XENIA — Kil-Kare Raceway will host its annual Old Timers Night tonight. The event will feature the fourth annual Hall of Fame induction ceremony, honoring many individuals who have played an important part in the history of the Greene County oval.
Thirteen drivers will be inducted. Bill Lawhorn, of Phillipsburg, competed in the first race, on the track built by the Marshall brothers of Alpha, in 1951. The Stacy brothers, Dave and Mike, who launched their racing careers at Kil-Kare will be inducted, along with husband-wife pair Earl and Frances Jenkins.
Frances was the first and only figure-8 female driver to capture a championship in that division, and Earl was a long-time competitor.
Other drivers scheduled to be inducted are: Bob Stansell; Don Fleming, Jr.; Eugene Crase; Jerry Stapleton; Ralph Powell; Ray Pinson; Tom Randolph; and Virgil Fields.
Three deceased drivers who were regulars for years will be inducted. Jim Cushman, known as “Gentleman Jim,” supposedly had the first-ever winged race car in the United States which carried him to many wins. Cushman will be represented by his wife, Jo.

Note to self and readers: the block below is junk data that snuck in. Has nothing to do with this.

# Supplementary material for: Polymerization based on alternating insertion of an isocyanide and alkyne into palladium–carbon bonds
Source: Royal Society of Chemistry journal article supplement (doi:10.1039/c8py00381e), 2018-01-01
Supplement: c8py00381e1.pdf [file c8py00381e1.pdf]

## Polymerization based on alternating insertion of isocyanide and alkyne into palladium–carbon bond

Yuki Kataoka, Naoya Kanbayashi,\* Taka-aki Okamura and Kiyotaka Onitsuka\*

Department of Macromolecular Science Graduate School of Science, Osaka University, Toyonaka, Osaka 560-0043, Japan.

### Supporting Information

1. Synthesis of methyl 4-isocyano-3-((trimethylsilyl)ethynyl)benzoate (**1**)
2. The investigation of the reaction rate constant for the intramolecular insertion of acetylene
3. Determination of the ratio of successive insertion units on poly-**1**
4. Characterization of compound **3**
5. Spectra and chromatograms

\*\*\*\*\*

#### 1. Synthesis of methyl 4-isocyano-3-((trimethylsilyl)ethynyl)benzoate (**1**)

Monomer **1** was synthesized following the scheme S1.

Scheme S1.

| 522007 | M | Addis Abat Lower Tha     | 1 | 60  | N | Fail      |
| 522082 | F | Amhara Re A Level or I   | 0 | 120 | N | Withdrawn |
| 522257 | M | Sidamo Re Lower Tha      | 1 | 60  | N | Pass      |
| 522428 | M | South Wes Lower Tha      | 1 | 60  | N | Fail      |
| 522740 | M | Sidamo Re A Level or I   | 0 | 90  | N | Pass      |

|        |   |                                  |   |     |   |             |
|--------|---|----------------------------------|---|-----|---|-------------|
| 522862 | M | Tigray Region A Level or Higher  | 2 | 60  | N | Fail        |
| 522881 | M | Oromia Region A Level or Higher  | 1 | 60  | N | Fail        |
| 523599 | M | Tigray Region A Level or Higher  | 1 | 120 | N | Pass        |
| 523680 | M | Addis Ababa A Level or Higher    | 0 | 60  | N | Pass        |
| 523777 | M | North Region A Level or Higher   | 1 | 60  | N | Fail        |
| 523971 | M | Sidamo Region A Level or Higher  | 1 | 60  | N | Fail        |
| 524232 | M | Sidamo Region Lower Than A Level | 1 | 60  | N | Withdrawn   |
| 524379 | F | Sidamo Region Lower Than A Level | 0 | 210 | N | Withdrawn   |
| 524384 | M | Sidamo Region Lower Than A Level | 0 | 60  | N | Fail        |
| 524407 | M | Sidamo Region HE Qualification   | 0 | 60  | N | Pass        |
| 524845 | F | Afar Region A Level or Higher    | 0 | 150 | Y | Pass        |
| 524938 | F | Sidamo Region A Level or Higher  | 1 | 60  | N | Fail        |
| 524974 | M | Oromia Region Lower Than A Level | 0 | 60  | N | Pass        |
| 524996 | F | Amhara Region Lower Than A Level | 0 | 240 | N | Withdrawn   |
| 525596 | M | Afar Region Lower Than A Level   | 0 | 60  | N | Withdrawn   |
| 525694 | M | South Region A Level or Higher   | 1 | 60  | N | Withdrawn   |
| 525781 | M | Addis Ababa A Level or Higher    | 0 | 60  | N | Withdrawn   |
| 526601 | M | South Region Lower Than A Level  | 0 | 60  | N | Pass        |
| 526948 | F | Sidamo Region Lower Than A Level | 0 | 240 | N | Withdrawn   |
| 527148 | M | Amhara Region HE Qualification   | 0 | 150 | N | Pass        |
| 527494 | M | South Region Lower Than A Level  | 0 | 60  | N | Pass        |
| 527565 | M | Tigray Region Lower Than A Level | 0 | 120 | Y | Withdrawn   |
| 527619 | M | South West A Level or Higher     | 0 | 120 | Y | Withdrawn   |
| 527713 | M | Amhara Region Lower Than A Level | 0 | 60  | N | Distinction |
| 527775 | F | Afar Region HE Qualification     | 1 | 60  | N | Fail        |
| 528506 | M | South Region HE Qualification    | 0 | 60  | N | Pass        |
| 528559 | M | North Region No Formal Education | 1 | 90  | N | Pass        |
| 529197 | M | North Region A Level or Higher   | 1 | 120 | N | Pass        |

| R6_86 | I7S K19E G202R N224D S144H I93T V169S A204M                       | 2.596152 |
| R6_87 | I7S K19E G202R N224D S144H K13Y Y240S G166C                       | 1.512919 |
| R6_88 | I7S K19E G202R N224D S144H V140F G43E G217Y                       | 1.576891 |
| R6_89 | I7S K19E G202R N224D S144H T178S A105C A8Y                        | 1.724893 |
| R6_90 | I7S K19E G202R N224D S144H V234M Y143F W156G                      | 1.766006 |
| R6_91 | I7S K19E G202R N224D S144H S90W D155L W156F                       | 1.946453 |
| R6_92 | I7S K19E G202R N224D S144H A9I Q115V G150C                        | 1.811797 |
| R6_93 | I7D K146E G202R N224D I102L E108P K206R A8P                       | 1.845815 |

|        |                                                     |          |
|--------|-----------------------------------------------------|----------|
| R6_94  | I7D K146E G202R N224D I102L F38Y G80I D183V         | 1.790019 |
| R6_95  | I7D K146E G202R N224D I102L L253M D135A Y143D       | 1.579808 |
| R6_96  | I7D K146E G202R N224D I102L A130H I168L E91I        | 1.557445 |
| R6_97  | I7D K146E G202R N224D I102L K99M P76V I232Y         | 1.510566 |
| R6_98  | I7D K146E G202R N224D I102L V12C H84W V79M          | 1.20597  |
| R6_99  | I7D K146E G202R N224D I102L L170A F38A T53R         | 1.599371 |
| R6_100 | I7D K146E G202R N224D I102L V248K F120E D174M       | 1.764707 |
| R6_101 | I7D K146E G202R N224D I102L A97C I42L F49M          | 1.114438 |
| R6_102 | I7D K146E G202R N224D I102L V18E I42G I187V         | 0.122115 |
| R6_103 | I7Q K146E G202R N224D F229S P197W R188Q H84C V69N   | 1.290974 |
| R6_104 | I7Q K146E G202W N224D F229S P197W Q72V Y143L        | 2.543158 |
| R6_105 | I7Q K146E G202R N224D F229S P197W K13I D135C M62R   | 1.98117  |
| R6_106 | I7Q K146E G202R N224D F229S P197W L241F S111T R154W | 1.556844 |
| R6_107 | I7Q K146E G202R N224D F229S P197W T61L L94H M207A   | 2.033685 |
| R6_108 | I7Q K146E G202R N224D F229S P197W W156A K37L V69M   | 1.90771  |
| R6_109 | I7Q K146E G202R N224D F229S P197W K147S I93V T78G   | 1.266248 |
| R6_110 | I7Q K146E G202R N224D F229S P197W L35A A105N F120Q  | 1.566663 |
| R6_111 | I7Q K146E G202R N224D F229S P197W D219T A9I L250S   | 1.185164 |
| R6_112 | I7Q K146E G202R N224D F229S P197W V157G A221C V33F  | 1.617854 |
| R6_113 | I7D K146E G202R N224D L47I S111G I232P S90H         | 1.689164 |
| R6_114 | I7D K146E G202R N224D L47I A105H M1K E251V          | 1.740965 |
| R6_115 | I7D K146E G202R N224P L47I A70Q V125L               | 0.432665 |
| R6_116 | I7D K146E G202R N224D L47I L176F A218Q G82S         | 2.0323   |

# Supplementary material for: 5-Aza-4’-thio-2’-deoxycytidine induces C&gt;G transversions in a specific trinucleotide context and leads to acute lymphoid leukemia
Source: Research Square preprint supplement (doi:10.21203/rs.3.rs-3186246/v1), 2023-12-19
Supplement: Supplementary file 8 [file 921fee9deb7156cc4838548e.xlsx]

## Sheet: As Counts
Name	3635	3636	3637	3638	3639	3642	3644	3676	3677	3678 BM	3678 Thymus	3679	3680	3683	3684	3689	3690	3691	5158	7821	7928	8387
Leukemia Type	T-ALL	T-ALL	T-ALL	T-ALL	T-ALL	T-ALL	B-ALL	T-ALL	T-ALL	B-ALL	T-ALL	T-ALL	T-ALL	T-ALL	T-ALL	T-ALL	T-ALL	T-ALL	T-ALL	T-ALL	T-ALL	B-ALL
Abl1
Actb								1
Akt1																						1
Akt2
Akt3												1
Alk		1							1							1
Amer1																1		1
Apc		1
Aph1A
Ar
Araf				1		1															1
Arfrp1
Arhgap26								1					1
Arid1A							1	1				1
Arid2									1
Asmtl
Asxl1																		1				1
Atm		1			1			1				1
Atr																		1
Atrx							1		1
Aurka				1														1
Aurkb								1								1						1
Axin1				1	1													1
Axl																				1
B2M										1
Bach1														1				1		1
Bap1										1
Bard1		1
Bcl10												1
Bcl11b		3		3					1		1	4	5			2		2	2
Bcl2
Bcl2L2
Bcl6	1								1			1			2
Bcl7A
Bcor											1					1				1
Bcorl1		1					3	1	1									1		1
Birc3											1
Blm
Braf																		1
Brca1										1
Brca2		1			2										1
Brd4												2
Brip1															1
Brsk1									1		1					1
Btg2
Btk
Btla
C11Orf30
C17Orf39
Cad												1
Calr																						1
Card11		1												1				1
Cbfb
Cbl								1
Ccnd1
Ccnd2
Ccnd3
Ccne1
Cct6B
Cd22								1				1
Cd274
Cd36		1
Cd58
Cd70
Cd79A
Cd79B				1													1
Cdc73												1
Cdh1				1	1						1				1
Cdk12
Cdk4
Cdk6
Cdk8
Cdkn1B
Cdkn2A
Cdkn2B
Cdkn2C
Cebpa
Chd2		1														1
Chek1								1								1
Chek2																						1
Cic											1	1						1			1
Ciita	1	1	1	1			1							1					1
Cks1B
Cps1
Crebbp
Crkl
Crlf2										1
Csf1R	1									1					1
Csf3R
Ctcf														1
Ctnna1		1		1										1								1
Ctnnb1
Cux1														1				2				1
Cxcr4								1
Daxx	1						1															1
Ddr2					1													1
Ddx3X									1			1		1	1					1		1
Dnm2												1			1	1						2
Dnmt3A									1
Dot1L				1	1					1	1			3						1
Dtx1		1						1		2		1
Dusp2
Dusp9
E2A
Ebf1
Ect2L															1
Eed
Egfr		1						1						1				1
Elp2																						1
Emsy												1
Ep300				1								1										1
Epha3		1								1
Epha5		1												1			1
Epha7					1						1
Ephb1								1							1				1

Another well-known driver, Harold “The Bear” Smith, a regular for many years and winner of over 40 features one season throughout the Midwest, will have his daughter Sue Davis representing him. Shawn Stansell will represent his grandfather, Ken Stansell, who drove for years at Kil-Kare in his 7-11 cars.
Two well-known car owners will be inducted, the first being Bill “Pappy” Lewis who fielded cars for numerous drivers, and Paul Reeser, owner of the no. 22 cars with numbers that looked like logs. Bill Chambers drove “Pappy’s” cars to many wins.
Three long-time former track employees — Carl Carr, Frank Brock, and Pat Henderson — will be honored, along with former track photographer Charles Huffman.
A full NASCAR Whelen All-American Series late model, modified, sport stock, and compact division races are on the agenda. Gates open at 6 p.m. The Hall of Fame induction ceremony will take place during a special intermission.